When the quarantine began back in March, I began walking in one of the many forest preserves we have near our home. We are lucky to have many nature preserves that our county sets aside to take care of nature in a very unnatural suburban area, especially when the housing boom began in the late eighties/early nineties.
I would drive by these places all of the time over the past 25 years and think how pretty they were; some of them I would walk in with my friends when my daughters were small and were riding in strollers. But since everything closed up here in quarantine, the preserves were my sanctuaries to get out of the house and explore.
Around my 50th birthday, I decided to set a goal for myself: I wanted to visit the majority, if not all, of the forest preserves in the Chicago and Milwaukee areas during my 50th year.
At first, it was just a challenge to myself (and my husband) to get out of the house and explore new places, maybe lose a little weight, and get into shape. But as the weeks turned into months, it turned into something more.
It saved my life.
It was a way for me to find solace, to cry alone, to look up at the sky and talk to God, to my departed relatives, to the birds and creatures along the trails. Every time I return home from one of our walks, I feel as if I’ve been on a vacation. Like I’ve traveled to a faraway land, light years away from every single terrible thing we are absorbing currently.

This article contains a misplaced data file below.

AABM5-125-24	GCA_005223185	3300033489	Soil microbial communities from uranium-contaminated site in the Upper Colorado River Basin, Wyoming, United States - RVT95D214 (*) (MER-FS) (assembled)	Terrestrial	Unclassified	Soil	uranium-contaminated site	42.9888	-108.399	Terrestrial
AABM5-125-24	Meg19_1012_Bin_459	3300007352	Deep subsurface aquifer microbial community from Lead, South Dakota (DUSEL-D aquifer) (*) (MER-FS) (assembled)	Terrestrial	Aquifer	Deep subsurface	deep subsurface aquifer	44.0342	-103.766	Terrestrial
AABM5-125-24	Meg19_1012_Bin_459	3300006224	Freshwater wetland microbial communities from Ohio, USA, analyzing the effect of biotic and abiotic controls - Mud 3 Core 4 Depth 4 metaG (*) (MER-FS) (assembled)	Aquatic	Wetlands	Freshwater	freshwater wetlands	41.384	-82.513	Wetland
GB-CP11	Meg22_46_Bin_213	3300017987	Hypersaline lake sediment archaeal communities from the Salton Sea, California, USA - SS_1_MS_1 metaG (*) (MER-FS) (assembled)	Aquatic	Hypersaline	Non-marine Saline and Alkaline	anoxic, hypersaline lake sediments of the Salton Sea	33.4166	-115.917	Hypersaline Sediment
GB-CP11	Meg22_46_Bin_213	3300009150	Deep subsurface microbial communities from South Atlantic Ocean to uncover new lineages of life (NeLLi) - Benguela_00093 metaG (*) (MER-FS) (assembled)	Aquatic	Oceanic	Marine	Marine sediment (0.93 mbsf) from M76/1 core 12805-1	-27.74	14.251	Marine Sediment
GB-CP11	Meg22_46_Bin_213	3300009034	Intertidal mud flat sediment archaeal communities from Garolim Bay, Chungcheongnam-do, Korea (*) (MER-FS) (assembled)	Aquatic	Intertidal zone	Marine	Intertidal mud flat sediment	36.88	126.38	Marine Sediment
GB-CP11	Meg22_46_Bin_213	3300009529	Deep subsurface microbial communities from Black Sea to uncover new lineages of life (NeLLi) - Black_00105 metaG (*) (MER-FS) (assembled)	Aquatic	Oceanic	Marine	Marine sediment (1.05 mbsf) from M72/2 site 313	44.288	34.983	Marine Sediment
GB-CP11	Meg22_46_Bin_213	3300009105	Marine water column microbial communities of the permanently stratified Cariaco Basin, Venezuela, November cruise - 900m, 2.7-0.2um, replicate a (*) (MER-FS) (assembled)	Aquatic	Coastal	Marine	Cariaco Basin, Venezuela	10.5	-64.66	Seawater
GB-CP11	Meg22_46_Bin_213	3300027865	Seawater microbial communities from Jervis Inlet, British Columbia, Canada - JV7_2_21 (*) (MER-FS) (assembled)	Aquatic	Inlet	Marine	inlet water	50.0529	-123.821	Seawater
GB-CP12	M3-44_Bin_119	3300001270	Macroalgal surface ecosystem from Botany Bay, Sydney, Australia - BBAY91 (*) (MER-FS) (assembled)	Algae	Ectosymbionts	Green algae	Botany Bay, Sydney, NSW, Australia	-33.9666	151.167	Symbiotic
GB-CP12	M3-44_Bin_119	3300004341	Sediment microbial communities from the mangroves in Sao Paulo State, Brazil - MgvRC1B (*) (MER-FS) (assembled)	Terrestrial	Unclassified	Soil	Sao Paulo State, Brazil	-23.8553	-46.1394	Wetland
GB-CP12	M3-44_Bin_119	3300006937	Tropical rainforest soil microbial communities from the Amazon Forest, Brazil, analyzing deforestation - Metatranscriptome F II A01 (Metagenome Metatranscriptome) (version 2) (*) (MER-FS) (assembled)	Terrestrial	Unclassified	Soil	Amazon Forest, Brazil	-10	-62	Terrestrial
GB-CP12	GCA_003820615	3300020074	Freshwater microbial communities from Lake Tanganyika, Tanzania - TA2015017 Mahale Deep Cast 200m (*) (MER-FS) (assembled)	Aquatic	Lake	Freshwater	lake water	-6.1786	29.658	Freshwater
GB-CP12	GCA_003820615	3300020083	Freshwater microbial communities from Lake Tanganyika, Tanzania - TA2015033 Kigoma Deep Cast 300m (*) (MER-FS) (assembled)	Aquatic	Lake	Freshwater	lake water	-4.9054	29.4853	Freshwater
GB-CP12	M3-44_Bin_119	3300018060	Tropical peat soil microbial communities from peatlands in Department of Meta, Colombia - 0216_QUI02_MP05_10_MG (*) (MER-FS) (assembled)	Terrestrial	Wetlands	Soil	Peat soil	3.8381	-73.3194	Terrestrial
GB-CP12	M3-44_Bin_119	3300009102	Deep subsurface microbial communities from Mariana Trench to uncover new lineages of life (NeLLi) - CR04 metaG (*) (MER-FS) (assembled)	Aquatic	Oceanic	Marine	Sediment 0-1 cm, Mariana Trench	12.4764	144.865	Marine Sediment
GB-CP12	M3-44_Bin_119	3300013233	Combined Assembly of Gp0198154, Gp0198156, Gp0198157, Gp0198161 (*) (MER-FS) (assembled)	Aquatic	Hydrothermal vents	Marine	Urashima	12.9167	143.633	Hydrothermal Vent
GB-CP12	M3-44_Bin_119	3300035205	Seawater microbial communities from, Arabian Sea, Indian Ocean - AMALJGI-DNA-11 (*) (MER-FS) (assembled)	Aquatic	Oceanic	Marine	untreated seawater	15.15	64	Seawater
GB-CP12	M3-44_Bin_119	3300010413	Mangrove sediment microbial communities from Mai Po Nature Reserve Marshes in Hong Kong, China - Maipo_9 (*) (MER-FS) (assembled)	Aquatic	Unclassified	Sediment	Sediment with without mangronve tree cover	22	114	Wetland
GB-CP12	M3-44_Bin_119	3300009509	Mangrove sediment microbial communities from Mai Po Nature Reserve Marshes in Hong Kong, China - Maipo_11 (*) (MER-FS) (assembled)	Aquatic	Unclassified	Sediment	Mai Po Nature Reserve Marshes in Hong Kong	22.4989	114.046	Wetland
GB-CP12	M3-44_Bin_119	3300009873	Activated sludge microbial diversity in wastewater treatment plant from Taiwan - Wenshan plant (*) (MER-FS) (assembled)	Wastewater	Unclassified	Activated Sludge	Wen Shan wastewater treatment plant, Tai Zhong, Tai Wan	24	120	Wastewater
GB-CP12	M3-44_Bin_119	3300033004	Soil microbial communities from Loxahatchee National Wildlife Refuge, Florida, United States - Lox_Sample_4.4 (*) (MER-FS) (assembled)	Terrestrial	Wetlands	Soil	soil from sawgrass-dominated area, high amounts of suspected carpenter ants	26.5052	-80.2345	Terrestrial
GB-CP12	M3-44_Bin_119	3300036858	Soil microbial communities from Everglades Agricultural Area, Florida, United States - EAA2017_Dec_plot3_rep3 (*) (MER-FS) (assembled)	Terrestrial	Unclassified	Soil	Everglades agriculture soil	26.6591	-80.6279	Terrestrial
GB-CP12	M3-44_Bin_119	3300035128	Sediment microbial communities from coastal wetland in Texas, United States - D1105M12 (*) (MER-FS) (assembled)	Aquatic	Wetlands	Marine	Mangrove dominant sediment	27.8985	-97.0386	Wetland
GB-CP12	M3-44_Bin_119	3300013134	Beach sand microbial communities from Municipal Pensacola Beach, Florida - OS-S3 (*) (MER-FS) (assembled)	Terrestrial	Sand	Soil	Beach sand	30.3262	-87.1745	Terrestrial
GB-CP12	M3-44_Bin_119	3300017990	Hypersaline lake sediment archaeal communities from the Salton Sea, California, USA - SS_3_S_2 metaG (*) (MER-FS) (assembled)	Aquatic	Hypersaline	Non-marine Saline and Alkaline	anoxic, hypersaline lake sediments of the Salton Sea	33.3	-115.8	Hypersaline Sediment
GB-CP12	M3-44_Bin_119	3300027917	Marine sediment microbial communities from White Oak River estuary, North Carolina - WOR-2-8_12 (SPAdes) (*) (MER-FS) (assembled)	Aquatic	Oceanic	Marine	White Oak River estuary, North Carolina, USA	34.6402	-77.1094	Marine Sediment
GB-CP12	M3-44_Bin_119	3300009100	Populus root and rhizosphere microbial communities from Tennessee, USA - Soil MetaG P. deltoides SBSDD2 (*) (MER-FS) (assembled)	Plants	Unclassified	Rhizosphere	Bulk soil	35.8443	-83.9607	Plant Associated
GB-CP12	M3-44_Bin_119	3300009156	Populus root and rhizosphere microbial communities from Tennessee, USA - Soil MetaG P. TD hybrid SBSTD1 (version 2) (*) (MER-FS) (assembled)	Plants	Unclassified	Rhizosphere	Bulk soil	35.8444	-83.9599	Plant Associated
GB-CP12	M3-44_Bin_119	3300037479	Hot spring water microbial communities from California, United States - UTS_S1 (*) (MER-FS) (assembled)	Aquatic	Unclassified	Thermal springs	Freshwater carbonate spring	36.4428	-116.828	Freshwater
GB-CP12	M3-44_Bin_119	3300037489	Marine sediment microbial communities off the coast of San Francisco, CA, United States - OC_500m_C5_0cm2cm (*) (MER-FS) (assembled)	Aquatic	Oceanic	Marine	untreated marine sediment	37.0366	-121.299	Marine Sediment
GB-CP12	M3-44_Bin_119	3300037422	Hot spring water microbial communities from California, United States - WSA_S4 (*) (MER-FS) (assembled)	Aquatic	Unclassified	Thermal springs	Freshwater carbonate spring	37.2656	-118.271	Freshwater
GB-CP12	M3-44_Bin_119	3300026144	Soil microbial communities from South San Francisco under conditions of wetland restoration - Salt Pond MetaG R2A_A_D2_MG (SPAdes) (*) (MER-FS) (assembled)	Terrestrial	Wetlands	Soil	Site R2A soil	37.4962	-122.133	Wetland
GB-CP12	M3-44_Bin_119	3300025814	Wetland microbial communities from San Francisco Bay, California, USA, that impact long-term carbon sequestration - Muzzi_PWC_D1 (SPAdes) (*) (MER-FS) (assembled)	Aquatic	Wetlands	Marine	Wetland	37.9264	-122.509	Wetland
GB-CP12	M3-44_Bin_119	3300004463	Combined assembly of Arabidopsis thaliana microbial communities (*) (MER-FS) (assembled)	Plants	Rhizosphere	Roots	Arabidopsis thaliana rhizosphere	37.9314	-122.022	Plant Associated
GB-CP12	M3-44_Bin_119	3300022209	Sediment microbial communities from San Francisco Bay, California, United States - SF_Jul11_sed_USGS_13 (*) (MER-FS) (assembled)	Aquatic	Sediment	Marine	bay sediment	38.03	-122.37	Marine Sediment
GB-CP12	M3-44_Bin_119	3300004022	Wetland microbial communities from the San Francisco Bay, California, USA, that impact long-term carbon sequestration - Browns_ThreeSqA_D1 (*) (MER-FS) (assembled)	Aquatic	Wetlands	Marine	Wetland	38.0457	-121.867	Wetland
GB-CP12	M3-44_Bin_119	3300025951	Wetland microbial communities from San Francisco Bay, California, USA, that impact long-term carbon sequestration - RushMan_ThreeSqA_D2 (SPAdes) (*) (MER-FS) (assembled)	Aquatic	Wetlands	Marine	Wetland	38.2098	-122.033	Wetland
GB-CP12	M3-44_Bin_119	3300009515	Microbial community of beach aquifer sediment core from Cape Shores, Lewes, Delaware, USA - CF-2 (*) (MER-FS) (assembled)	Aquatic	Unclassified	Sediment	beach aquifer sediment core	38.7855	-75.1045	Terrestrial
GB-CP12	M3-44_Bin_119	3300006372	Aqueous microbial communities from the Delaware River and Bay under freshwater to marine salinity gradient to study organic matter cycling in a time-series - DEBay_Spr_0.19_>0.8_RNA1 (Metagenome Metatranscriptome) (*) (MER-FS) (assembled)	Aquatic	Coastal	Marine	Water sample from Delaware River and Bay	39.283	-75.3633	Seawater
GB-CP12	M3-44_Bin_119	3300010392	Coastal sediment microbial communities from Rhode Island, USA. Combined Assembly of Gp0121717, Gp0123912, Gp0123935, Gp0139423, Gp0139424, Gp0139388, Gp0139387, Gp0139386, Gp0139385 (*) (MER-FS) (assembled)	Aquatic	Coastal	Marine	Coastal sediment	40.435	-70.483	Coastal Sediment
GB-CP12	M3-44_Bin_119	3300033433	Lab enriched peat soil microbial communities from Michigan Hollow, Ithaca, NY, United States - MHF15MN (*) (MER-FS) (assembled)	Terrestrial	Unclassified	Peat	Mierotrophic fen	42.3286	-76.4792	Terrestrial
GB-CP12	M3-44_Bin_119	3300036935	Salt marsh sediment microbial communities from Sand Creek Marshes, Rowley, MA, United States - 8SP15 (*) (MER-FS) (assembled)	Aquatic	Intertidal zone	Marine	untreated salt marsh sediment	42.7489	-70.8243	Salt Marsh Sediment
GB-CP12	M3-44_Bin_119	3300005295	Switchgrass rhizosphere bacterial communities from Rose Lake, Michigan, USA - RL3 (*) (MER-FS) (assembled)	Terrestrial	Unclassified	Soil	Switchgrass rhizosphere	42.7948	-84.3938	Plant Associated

Getting out on those trails isn’t always easy. Some days, it takes everything I’ve got to put one foot in front of the other. I shuffle to the bathroom, I shuffle to the coffee maker, I shuffle to the closet, I shuffle to put my shoes on. Every day feels the same as the one before it. It’s as though I am wading through gelatin. Trying to get to the next day, and the day after that, and so on.
Then I get out there. I smell pine, see a flower, hear a cardinal, and feel the Earth sigh around me. I hear another person say good morning as they pass by and I wonder if I am the first person they’ve said hello to that day. Is it the first time they’ve heard their own voice that morning? Are they as happy to see another human being as I am?
Saint Augustine once said “solvitur ambulando.” Translated to mean, “it is solved by walking.”
Since the middle of March, I’ve walked over 50 miles. I have left the woods feeling like I’d had hours of therapy without having to pay a single dollar out of my pocket save for the gas money it took to get me there.
And I have hope.
That I’ll be able to get up and get through another long day. That today will be better than yesterday. And even if it isn’t, I know that I will have that walk to cry and talk and feel like I’ve taken a break from my life for a short while before I do it all over again.